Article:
According to Miscovich, 20 client case studies have shown hot desking works, while 50 others said it’s been challenging, and the reason for that is that it has not been well-orchestrated. That usually means a lack of good technology and poor scheduling and communication. When people come into the office, the hot desk or hoteling must be available to them, he notes.
“We believe in having on-site ambassadors or people who can be concierges and help you like when you go into a hotel lobby. Some of it can be automated, but you need a certain amount of human services to help with that. It’s about making people feel welcome.”
One of the challenges tenants are trying to overcome in luring employees back on even a hybrid schedule is the quality of the building, according to Tom van Betten, vice president of Matter Real Estate Group, whose sister companies own office buildings in San Diego, Long Beach, Calif., Phoenix, Dallas and Las Vegas. It’s going to take a relocation for some companies, he says.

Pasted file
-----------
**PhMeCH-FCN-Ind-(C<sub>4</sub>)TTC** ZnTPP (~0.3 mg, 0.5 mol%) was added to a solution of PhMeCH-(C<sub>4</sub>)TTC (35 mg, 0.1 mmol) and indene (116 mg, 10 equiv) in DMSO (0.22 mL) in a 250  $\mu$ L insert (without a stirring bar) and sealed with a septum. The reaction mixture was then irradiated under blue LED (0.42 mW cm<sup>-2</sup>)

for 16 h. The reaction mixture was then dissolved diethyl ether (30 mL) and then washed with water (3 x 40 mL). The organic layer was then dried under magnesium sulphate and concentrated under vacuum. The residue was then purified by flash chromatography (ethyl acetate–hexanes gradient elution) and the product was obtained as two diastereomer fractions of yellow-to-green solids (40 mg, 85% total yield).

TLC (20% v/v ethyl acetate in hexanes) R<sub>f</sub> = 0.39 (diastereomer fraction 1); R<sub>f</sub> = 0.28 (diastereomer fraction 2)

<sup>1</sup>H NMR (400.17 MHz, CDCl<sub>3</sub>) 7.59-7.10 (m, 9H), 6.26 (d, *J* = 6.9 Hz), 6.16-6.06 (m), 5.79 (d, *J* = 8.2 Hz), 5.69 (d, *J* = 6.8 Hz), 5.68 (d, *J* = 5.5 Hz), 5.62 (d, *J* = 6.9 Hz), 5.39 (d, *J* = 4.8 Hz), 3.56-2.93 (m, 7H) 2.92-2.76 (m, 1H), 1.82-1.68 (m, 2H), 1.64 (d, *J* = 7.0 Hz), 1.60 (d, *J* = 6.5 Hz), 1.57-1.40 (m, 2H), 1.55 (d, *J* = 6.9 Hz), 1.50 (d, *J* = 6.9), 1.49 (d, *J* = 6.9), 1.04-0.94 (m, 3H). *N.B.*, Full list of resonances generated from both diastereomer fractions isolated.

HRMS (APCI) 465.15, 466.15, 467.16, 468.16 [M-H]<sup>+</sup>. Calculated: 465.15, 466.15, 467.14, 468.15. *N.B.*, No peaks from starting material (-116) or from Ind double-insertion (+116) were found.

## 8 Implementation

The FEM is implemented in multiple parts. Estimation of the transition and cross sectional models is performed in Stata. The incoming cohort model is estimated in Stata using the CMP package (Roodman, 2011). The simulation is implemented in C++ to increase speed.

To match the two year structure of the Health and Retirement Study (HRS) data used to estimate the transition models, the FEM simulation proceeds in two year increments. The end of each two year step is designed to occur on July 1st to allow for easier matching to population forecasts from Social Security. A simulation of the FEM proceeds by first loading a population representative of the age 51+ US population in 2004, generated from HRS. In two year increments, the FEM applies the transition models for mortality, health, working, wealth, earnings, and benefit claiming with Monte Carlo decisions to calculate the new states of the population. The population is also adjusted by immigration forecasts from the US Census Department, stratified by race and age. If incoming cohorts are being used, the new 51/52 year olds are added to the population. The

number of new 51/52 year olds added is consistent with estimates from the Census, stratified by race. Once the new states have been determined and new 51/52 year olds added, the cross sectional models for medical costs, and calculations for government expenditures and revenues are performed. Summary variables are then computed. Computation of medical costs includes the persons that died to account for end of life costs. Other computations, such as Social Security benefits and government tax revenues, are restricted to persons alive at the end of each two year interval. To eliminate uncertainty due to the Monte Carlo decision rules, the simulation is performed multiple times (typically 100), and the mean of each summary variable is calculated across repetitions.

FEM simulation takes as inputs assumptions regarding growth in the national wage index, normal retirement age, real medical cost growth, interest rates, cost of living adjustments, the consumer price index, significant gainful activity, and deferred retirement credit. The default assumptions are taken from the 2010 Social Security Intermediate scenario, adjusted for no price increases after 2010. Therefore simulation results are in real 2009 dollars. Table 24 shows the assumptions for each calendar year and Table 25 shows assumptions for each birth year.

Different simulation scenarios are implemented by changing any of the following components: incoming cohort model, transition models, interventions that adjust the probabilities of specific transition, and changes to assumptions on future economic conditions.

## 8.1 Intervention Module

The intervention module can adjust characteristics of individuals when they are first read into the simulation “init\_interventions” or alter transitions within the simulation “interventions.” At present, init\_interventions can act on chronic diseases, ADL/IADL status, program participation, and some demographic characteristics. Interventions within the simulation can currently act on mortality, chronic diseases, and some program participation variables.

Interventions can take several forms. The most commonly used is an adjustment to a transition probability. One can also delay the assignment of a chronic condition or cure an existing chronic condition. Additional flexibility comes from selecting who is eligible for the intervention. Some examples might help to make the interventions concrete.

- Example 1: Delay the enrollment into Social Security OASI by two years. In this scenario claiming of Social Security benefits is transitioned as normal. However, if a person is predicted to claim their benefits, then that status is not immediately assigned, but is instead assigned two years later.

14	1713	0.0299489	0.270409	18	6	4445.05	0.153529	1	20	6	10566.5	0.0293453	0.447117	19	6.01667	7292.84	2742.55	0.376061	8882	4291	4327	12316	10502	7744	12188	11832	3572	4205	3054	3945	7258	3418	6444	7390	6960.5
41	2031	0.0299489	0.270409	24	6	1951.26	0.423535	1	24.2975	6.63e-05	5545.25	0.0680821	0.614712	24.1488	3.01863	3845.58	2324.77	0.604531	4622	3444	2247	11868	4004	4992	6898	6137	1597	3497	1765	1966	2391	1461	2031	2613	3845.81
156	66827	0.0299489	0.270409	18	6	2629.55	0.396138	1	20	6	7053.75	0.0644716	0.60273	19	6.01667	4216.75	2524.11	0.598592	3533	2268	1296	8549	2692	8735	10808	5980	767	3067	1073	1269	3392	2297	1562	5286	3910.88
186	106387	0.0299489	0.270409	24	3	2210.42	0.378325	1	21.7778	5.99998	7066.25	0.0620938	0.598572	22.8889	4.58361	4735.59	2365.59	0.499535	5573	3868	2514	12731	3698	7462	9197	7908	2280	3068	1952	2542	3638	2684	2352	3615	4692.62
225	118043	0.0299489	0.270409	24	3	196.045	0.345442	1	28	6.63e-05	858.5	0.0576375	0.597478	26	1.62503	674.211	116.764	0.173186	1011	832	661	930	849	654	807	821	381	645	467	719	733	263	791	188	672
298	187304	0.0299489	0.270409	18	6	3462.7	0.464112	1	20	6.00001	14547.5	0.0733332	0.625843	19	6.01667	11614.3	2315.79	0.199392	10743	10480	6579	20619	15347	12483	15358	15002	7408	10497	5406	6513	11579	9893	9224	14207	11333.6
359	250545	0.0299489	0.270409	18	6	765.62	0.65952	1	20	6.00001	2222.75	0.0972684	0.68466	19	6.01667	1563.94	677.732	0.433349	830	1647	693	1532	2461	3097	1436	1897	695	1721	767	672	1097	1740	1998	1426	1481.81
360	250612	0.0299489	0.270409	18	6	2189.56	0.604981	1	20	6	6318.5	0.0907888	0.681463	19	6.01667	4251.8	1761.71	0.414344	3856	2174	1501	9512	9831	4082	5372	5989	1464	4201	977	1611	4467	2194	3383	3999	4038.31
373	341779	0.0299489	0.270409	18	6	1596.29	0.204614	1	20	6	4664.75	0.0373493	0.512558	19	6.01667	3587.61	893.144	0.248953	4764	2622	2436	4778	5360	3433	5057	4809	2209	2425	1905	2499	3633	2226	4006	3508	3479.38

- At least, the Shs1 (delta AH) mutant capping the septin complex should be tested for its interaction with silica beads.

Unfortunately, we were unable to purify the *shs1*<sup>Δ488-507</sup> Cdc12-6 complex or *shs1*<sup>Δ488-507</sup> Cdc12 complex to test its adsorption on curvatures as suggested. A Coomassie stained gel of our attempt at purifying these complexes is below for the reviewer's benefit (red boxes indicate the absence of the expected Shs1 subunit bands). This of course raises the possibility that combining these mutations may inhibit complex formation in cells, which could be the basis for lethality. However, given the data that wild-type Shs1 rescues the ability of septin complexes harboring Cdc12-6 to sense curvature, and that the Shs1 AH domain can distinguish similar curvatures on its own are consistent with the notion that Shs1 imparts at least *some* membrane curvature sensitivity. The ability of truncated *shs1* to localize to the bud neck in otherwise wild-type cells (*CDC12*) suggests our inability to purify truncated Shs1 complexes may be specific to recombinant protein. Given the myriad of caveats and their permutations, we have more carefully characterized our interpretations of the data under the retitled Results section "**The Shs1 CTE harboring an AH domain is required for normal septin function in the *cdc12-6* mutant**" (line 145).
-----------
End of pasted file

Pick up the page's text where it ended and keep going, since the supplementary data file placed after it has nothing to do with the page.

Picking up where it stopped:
“Class-B and class-C offices are going to struggle getting people back in the office,” van Betten notes. “Your office can’t suck. It’s that simple. There has to be something there to draw you back, whether it is basic amenities or proximity to amenities like a coffee shop. Those B and C mechanical systems are difficult to retrofit and if you have another COVID wave, everyone is sharing the same air.”
Some companies are choosing class-A space, but taking less square footage in a better location to provide that higher level of experience for employees, according to Miscovich.
While the conventional wisdom is that a hybrid model will allow companies to reduce their space needs, there are plenty of cases where it’s gone in the opposite direction, according to Nick Barber, a senior vice president with JLL. There are many workers who still want their own desks and work spaces when they’re in the office, he notes.
“Nationally, we’re seeing a lot of companies taking more space for breakout rooms specific for teleconferences rather than participate in their cubicle,” Barber notes. “They’re doing huddle rooms off the main work floor and transition rooms to take a breather that they can reserve and focus on their well- being.”